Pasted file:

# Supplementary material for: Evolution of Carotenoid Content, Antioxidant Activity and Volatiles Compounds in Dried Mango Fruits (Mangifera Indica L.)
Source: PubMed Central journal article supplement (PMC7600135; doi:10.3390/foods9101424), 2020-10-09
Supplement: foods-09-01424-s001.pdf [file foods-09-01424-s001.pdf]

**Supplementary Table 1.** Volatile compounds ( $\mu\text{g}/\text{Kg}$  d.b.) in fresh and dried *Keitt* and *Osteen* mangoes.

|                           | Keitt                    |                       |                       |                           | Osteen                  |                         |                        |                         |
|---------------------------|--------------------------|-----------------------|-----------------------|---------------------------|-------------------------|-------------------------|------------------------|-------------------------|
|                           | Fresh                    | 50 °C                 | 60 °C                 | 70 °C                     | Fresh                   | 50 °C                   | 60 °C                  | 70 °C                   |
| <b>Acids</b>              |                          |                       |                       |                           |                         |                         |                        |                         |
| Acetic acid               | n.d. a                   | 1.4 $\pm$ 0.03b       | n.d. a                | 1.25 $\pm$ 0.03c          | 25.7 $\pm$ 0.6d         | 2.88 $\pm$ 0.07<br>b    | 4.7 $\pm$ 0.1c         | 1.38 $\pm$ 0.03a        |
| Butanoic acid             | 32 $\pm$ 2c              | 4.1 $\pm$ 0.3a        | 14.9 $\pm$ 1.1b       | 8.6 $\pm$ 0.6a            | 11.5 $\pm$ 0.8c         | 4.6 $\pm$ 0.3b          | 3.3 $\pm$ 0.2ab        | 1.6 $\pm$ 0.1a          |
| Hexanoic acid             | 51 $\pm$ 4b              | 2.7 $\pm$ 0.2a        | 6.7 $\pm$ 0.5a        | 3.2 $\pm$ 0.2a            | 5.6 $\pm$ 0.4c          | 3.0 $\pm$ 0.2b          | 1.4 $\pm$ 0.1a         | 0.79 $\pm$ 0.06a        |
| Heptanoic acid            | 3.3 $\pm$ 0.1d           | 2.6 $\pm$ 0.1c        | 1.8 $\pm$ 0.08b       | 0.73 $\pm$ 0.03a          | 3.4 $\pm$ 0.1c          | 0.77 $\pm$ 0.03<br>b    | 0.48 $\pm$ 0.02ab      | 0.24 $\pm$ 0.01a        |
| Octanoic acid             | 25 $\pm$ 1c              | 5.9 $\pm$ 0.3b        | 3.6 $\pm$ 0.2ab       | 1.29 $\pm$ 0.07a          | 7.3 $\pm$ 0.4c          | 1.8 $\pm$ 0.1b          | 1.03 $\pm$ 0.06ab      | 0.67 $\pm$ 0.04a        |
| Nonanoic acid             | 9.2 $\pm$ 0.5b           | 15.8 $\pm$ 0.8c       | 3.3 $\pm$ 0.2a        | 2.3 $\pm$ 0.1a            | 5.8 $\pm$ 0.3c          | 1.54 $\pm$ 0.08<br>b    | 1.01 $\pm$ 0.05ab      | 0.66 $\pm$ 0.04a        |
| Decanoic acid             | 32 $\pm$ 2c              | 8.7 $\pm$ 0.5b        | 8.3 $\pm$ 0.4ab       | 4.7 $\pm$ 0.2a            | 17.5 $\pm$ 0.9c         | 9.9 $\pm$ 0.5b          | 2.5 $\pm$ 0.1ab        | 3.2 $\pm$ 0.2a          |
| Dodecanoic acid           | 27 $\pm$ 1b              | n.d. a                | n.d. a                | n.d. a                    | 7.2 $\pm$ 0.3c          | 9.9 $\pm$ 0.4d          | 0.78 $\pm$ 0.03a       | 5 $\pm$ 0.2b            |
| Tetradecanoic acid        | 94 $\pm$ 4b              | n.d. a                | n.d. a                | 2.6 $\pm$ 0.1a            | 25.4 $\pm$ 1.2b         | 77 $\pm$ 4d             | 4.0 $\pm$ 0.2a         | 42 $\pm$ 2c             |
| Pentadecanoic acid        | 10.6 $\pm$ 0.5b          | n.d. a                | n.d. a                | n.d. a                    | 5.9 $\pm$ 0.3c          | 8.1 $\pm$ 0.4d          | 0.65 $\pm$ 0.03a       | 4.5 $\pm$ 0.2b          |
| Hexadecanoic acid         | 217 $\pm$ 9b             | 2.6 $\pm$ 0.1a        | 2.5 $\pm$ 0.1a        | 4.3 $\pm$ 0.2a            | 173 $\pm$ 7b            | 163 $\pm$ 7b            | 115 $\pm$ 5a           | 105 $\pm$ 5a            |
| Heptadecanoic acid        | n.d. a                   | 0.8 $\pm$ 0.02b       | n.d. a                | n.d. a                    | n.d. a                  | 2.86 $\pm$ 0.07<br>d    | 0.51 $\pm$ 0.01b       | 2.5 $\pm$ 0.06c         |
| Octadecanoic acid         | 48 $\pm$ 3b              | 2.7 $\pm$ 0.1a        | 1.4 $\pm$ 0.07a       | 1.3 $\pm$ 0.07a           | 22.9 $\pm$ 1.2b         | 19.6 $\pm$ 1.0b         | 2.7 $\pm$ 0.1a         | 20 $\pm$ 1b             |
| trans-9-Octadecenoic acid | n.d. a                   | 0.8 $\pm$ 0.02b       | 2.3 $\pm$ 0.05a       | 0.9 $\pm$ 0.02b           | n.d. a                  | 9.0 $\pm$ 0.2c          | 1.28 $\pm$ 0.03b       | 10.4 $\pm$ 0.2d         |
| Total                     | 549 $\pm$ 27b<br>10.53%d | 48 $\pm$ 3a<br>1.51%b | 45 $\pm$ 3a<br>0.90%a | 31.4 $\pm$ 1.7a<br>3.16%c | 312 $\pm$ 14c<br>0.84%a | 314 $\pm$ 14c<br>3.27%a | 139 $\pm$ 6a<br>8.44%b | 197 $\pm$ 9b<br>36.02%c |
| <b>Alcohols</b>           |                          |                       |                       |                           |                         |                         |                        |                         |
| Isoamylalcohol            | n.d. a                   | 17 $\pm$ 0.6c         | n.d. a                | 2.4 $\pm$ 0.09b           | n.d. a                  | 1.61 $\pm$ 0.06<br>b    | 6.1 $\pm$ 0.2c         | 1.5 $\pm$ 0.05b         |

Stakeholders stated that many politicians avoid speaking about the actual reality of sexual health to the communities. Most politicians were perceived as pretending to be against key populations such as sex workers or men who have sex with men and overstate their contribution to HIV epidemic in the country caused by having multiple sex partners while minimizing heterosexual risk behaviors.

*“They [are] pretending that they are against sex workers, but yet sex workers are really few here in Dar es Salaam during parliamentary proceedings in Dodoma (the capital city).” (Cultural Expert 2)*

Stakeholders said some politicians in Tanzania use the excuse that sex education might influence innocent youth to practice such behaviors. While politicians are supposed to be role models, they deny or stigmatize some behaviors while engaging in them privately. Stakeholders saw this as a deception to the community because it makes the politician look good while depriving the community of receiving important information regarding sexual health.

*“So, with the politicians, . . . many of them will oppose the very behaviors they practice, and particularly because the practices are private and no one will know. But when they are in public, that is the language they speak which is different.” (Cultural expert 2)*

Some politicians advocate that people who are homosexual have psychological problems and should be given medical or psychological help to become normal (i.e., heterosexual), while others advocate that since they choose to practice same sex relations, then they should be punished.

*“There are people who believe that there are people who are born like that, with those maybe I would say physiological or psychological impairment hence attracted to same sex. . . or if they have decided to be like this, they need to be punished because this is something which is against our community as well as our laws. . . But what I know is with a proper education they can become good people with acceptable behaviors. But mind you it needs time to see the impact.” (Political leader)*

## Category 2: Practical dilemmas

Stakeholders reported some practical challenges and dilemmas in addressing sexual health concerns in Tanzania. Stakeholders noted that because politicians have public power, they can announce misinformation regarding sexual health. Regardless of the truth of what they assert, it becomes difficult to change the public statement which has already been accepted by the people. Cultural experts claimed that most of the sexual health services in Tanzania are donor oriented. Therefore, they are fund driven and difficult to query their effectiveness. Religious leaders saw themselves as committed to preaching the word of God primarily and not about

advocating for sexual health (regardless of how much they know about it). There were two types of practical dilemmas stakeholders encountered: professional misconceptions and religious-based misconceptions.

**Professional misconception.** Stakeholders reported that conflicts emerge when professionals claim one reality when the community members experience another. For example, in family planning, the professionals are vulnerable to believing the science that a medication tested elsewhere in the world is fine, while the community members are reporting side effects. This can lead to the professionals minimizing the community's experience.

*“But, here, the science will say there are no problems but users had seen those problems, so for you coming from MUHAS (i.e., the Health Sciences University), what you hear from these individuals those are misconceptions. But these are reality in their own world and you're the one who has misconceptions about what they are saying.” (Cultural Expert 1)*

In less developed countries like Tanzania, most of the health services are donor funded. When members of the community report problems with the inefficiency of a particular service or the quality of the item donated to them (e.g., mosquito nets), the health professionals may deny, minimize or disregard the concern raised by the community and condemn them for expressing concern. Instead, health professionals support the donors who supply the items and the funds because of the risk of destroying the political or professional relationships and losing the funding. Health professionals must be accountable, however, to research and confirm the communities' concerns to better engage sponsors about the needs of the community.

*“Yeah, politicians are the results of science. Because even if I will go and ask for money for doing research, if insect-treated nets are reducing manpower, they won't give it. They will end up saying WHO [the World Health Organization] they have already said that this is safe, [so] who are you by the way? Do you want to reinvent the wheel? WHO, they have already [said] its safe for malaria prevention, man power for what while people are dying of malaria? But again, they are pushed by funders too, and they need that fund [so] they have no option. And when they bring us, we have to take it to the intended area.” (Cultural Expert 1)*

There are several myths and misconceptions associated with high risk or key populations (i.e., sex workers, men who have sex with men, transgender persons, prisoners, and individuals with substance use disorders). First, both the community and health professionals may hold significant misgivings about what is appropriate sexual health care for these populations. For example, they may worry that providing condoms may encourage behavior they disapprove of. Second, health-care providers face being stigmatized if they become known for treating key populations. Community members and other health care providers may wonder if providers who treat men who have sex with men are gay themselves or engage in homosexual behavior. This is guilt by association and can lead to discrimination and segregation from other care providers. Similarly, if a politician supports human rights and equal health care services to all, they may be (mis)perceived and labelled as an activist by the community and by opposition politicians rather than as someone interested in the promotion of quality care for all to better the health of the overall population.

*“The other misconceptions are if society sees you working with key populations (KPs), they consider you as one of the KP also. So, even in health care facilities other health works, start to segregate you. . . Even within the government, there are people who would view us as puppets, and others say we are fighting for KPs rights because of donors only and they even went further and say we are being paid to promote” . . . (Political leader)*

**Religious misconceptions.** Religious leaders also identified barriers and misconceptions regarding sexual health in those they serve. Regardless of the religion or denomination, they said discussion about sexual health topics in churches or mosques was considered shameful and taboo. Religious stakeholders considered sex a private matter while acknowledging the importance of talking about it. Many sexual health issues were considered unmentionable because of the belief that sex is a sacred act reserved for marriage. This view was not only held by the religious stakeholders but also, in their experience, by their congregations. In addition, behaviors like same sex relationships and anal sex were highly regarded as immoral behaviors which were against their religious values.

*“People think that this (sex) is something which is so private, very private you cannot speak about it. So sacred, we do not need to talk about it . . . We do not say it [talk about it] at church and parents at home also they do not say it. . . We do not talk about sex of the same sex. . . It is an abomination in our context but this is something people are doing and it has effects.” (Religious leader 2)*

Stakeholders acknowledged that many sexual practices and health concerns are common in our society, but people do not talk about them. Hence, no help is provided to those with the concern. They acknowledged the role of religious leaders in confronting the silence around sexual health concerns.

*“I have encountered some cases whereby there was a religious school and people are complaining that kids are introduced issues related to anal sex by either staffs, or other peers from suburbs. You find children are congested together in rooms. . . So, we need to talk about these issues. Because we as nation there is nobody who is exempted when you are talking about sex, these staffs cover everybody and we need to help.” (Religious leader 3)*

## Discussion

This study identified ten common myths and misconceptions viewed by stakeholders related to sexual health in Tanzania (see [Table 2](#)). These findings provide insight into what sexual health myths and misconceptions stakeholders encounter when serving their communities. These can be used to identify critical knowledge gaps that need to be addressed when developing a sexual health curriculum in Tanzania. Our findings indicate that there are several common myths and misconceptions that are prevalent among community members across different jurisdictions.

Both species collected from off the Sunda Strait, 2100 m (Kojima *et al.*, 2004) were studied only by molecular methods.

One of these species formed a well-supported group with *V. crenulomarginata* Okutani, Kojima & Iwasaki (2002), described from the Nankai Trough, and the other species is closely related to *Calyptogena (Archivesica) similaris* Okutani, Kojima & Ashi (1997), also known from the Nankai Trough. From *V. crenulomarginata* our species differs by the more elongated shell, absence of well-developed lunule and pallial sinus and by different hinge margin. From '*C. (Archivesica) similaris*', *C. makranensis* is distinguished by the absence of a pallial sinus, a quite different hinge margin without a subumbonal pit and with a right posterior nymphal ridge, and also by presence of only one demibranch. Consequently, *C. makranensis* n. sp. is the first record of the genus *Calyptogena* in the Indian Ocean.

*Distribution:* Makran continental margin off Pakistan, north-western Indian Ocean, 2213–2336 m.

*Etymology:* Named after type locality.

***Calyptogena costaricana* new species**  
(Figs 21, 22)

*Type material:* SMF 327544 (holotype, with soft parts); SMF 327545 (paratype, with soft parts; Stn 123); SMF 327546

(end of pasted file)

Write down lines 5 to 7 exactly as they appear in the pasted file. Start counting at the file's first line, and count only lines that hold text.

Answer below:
|                           | Keitt                    |                       |                       |                           | Osteen                  |                         |                        |                         |
|---------------------------|--------------------------|-----------------------|-----------------------|---------------------------|-------------------------|-------------------------|------------------------|-------------------------|
|                           | Fresh                    | 50 °C                 | 60 °C                 | 70 °C                     | Fresh                   | 50 °C                   | 60 °C                  | 70 °C                   |